Nigeria has provisionally approved the R21/Matrix-M malaria vaccine developed by scientists at the University of Oxford, less than a week after Ghana became the first country to approve the vaccine.
Director-general of the National Agency for Food and Drug Administration And Control (NAFDAC), Mojisola Adeyeye, said the agency “is granting registration approval for R21 malaria vaccine.” Like Ghana, Adeyeye said, the vaccine “is indicated for prevention of clinical malaria in children from five months to 36 months of age. The storage temperature of the vaccine is 2-8 °C.”
The approval will undergo appropriate tests for immunization under the health ministry and the National Primary Health Care Development Agency. “A provisional approval of the R21 malaria vaccine was recommended and this shall be done in line with the WHO’s malaria vaccine implementation guideline,” the NAFDAC said.
R21's efficacy is 77%
Despite the approval, Adeyeye explained that there is still need for more Phase 4 clinical trials of the vaccine in Nigeria. The vaccine has shown efficacy levels of 77%, exceeding the WHO’s threshold of 75%.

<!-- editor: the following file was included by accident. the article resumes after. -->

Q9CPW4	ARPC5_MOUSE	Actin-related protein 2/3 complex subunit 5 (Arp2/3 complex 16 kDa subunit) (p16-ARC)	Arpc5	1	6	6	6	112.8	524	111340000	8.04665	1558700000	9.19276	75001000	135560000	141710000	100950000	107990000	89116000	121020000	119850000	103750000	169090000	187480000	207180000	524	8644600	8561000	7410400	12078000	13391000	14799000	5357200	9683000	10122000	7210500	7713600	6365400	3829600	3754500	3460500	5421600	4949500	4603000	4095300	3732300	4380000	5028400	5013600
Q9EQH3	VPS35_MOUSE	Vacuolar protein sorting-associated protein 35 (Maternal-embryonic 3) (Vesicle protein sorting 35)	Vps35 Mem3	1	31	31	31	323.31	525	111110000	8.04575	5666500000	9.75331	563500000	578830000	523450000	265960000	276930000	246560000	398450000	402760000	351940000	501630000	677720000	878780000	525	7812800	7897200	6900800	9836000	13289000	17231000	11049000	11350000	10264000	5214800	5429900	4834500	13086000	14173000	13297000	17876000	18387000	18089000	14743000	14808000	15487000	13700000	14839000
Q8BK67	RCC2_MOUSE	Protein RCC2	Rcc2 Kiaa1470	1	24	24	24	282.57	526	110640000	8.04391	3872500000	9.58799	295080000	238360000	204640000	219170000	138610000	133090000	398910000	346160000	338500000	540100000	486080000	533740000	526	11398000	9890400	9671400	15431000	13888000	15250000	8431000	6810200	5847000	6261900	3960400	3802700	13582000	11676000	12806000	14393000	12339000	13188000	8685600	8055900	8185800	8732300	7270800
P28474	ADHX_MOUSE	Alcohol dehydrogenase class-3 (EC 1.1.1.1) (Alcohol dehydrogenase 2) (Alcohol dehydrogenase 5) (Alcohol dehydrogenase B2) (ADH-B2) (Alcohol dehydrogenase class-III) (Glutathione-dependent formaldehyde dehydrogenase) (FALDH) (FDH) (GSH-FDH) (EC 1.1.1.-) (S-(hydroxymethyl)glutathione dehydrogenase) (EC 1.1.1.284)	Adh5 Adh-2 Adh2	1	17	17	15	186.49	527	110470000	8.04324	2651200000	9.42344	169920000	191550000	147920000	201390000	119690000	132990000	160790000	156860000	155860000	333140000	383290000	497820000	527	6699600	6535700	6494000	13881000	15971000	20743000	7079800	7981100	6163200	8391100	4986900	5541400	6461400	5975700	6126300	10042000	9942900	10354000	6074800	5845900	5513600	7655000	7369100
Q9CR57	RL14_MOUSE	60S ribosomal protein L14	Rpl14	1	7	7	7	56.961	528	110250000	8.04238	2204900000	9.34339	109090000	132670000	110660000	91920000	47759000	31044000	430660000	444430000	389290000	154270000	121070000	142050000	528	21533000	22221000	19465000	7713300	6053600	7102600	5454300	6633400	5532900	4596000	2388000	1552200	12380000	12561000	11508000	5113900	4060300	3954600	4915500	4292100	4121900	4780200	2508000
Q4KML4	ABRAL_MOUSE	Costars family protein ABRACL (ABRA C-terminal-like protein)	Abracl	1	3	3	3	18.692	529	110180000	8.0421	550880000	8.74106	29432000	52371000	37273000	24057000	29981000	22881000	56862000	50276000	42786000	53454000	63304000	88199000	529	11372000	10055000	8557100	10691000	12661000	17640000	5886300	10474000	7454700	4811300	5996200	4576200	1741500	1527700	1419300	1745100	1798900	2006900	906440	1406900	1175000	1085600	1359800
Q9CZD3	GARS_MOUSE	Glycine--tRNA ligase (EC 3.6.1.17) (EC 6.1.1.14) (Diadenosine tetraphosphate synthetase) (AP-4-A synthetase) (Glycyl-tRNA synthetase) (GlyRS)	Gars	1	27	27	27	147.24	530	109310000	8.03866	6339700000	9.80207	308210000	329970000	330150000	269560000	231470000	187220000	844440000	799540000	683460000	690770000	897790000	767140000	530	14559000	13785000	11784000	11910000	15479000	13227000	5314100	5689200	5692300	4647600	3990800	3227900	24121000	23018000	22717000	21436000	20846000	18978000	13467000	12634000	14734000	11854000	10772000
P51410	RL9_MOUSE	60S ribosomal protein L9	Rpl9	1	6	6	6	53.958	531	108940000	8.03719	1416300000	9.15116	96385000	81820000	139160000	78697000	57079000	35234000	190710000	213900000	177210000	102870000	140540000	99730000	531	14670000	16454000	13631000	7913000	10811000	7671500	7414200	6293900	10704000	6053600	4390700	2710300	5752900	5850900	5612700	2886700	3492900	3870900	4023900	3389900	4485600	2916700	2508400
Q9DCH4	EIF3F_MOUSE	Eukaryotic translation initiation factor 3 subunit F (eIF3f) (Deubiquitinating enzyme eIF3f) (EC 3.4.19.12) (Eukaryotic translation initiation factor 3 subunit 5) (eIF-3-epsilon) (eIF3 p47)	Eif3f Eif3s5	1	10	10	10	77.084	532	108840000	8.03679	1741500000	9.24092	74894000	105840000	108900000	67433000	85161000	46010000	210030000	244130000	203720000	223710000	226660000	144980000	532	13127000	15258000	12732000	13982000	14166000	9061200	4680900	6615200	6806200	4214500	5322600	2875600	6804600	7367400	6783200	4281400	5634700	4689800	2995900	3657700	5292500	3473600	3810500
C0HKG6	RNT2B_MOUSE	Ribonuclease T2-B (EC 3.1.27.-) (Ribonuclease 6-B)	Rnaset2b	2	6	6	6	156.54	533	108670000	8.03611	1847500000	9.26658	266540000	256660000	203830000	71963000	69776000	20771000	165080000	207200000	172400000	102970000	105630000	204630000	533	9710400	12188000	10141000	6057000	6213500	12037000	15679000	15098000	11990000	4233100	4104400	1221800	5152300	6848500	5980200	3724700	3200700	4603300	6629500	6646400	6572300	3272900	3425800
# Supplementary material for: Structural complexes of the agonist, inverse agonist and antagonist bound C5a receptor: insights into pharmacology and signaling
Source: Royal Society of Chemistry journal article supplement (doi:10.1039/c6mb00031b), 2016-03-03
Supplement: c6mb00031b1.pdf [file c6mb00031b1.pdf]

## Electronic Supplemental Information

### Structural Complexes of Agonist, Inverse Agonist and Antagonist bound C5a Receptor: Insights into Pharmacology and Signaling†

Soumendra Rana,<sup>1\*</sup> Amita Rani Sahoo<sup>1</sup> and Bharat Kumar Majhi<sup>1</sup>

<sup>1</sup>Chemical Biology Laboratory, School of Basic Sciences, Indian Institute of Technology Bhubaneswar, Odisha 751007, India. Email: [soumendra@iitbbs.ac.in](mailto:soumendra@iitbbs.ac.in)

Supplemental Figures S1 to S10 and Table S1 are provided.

Results from an ongoing phase 3 clinical trial of the vaccine involving 4,800 children in Burkina Faso, Kenya, Mali, and Tanzania are yet to be published.
However, Phase 2 data published last September showed promising results. “We are delighted to find that a standard four-dose immunization regime can now, for the first time, reach the high efficacy level over two years that has been an aspirational target for malaria vaccines for so many years,” said Adrian Hill, director of the University of Oxford’s Jenner Institute, where the vaccine was developed, discussing the results in September.
Africa’s most populous nation is also the world’s most affected by malaria, accounting for 32% of global deaths, according to the 2021 World Health Organization (WHO) report (pdf). The country records 95,000 malaria deaths in children aged under five every year, largely due to the high cost of treating the disease.
It’s estimated that the disease costs Nigeria’s economy, Africa’s biggest, $1.1 billion a year.